ClientId = "YOUR_CLIENT_ID",
    Activity = this
});

For iOS:

using Auth0.OidcClient;

var client = new Auth0Client(new Auth0ClientOptions
{
    Domain = "YOUR_AUTH0_DOMAIN",
    ClientId = "YOUR_CLIENT_ID",
    Controller = this // The instance of your UIViewController from which you are calling this code
});

The steps for Logging the user in is different for Android and iOS.

Android

1. Obtain the authorization URL

Call the PrepareLoginAsync method which will return an AuthorizeState containing the authorization URL, state, nonce and code challenge. You will need to store the AuthorizeState as it is required later on to process the redirect URL and exchange the authorization code for the tokens.

AuthorizeState authorizeState = await client.PrepareLoginAsync();

2. Launch the browser to authorize the user

After calling PrepareLoginAsync, the StartUrl property of the returned AuthorizeState will contain the URL to which you need to send the user for logging in. You can create a new intent, specifying the StartUrl as the destination, and then call StartActivity, passing the intent in order to launch the web browser:

var uri = Android.Net.Uri.Parse(authorizeState.StartUrl);
var intent = new Intent(Intent.ActionView, uri);
intent.AddFlags(ActivityFlags.NoHistory);
StartActivity(intent);

3. Handle the Callback URL

After the user has logged in, they will be redirected back to your application at the Callback URL that was registered before. You will need to register an intent which will handle this callback URL.

[Activity(Label = "AndroidSample", MainLauncher = true, Icon = "@drawable/icon",
    LaunchMode = LaunchMode.SingleTask)]
[IntentFilter(
    new[] { Intent.ActionView },
    Categories = new[] { Intent.CategoryDefault, Intent.CategoryBrowsable },
    DataScheme = "YOUR_ANDROID_PACKAGE_NAME",
    DataHost = "YOUR_AUTH0_DOMAIN",
    DataPathPrefix = "/android/YOUR_ANDROID_PACKAGE_NAME/callback")]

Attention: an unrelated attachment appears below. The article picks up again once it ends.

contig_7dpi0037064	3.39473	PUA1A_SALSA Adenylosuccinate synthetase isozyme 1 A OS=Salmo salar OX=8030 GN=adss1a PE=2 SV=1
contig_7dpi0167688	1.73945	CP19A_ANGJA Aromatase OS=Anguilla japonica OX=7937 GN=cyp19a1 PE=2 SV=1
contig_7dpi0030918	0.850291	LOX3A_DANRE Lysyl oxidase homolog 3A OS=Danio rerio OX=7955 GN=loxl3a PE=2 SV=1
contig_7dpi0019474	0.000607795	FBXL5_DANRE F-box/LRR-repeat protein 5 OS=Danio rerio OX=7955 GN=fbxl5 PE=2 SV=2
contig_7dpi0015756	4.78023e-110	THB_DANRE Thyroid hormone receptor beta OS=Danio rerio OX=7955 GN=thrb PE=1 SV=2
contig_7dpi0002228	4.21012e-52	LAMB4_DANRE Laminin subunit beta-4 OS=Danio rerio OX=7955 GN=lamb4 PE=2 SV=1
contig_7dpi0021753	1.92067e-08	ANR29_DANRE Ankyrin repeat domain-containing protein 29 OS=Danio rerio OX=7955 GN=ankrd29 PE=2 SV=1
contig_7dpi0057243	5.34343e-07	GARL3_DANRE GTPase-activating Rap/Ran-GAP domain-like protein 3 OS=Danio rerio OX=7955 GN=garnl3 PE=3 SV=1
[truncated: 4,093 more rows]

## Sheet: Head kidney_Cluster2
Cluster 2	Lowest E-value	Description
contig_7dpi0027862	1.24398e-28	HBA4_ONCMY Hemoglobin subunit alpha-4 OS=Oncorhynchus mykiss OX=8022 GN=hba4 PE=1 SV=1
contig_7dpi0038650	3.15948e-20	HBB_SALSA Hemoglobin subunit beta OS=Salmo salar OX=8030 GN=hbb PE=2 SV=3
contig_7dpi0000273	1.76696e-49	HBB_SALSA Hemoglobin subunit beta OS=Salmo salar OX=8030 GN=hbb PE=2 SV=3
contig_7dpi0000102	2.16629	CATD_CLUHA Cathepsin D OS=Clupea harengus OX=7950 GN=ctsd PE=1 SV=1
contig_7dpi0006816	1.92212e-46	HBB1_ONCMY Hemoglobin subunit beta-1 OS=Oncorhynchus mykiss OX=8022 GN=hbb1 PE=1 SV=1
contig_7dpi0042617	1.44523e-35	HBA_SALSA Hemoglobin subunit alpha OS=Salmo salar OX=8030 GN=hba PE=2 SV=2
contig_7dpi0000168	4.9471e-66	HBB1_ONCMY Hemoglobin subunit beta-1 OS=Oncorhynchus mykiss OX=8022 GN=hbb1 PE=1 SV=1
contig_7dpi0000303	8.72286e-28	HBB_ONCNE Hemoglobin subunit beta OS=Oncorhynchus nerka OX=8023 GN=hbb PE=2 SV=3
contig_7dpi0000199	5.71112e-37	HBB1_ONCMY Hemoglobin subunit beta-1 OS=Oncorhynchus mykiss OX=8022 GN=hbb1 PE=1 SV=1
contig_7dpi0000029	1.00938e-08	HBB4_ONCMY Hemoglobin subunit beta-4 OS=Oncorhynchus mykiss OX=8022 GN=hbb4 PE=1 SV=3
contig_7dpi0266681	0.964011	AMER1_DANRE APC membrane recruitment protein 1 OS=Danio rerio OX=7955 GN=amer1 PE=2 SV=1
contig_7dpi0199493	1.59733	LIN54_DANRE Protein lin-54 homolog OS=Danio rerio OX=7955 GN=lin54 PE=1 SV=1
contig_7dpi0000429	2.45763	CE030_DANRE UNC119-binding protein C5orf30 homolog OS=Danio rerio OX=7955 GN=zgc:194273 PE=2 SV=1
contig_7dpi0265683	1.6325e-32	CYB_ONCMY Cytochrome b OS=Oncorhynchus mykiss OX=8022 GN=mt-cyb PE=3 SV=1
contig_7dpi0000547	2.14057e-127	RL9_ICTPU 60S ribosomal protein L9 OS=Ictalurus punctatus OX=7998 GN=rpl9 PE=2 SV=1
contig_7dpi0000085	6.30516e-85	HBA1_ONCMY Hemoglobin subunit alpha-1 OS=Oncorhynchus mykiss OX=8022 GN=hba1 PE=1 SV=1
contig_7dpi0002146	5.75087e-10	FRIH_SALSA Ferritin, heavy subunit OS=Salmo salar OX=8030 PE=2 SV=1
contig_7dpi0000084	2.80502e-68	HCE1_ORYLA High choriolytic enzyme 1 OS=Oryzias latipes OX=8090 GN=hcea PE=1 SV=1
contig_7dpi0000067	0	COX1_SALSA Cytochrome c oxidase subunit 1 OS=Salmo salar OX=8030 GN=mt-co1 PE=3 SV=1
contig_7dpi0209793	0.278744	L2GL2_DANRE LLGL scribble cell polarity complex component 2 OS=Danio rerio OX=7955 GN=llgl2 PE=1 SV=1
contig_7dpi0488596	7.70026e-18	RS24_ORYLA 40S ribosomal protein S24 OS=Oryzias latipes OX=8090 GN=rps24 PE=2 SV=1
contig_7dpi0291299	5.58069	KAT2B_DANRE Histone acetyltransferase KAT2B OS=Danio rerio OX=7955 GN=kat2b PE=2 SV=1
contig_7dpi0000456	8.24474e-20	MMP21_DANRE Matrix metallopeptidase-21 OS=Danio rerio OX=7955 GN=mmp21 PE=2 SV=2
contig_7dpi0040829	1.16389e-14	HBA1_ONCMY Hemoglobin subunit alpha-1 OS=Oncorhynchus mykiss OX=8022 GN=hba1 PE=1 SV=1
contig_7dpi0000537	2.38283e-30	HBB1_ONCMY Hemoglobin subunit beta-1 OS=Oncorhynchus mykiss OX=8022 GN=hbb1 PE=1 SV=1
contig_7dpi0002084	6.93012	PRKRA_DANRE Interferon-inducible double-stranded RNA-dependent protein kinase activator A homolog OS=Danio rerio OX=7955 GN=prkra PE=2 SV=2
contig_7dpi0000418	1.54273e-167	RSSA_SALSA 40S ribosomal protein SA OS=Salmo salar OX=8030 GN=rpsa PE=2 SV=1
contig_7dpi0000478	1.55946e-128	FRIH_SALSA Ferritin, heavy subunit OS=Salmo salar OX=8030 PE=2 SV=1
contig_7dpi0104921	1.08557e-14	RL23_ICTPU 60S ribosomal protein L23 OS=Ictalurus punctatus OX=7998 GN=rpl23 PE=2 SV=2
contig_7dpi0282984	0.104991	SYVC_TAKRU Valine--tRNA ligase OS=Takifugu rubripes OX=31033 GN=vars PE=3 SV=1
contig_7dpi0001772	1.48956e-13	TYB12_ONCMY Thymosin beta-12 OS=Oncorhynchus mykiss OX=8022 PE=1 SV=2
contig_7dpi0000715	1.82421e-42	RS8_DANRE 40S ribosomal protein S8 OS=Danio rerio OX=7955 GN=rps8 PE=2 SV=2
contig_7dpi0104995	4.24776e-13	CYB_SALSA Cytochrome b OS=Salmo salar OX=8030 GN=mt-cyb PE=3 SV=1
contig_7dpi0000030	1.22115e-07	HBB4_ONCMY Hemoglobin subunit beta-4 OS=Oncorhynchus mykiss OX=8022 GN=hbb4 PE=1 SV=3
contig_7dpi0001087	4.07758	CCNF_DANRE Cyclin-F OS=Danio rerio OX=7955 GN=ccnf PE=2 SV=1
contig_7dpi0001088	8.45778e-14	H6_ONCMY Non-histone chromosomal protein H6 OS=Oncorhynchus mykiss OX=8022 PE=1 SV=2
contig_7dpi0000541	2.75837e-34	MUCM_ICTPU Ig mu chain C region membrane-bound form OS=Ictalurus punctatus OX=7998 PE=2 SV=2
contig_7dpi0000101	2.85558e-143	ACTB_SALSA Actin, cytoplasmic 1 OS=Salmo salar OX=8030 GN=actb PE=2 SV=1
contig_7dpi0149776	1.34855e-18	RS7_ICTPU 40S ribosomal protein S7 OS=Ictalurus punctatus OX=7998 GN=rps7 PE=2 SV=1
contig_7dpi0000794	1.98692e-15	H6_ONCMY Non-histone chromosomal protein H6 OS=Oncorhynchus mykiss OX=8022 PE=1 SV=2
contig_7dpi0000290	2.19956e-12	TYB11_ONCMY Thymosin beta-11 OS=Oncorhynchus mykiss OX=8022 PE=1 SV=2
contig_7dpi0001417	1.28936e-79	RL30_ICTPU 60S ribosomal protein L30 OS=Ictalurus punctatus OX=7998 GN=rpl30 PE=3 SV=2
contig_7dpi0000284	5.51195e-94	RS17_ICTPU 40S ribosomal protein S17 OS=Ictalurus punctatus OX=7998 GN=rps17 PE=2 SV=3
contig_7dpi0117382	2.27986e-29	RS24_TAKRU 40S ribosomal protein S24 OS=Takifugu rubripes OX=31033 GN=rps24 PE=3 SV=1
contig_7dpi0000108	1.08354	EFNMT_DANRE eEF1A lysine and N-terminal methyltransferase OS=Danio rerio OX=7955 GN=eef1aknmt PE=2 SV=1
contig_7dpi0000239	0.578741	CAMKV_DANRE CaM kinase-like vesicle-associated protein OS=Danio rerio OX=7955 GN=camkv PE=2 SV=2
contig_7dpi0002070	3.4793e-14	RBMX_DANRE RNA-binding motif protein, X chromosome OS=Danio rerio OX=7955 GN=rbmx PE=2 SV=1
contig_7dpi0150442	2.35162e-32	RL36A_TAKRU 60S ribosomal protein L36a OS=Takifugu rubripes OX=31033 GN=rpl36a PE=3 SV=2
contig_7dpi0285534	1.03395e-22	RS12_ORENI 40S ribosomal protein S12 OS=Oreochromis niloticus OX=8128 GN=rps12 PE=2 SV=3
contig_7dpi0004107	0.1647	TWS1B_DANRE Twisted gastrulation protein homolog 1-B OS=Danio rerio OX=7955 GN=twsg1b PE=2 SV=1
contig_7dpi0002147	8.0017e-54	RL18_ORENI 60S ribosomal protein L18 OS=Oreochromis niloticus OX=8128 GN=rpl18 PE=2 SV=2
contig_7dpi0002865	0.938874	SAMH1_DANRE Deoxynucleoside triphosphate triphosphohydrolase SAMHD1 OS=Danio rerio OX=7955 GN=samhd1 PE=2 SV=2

public class MainActivity : Activity
{
    // Code omitted
}

Replace YOUR_ANDROID_PACKAGE_NAME in the code sample above with the actual Package Name for your application, e.g. com.mycompany.myapplication. Also ensure that all the text for the DataScheme, DataHost and DataPathPrefix is in lower case.

Now write code to handle the intent. You can do this by overriding the OnNewIntent method. Inside the method you need to call the ProcessResponseAsync method, passing along the DataString from the intent, as well as the AuthorizeState which was previously stored when you called PrepareLoginAsync:

protected override async void OnNewIntent(Intent intent)
{
    base.OnNewIntent(intent);

    var loginResult = await client.ProcessResponseAsync(intent.DataString, authorizeState);
}

With the above code in place, a user can log in to your application using Auth0:

Lock UI

iOS

1. Register the URL type

First you will need to register the URL Type:

  1. Open your application's Info.plist file in Visual Studio for Mac, and go to the Advanced tab.
  2. Under URL Types, click the Add URL Type button
  3. Set the Identifier as Auth0, the URL Schemes the same as your application's Bundle Identifier, and the Role as None

This is an example of the XML representation of your info.plist file after you have added the URL Type:

<key>CFBundleURLTypes</key>
<array>
    <dict>
        <key>CFBundleTypeRole</key>
        <string>None</string>
        <key>CFBundleURLName</key>
        <string>Auth0</string>
        <key>CFBundleURLSchemes</key>
        <array>
            <string>YOUR_BUNDLE_IDENTIFIER</string>
        </array>
    </dict>
</array>

2. Call LoginAsync

var loginResult = await client.LoginAsync();

3. Handle the Callback URL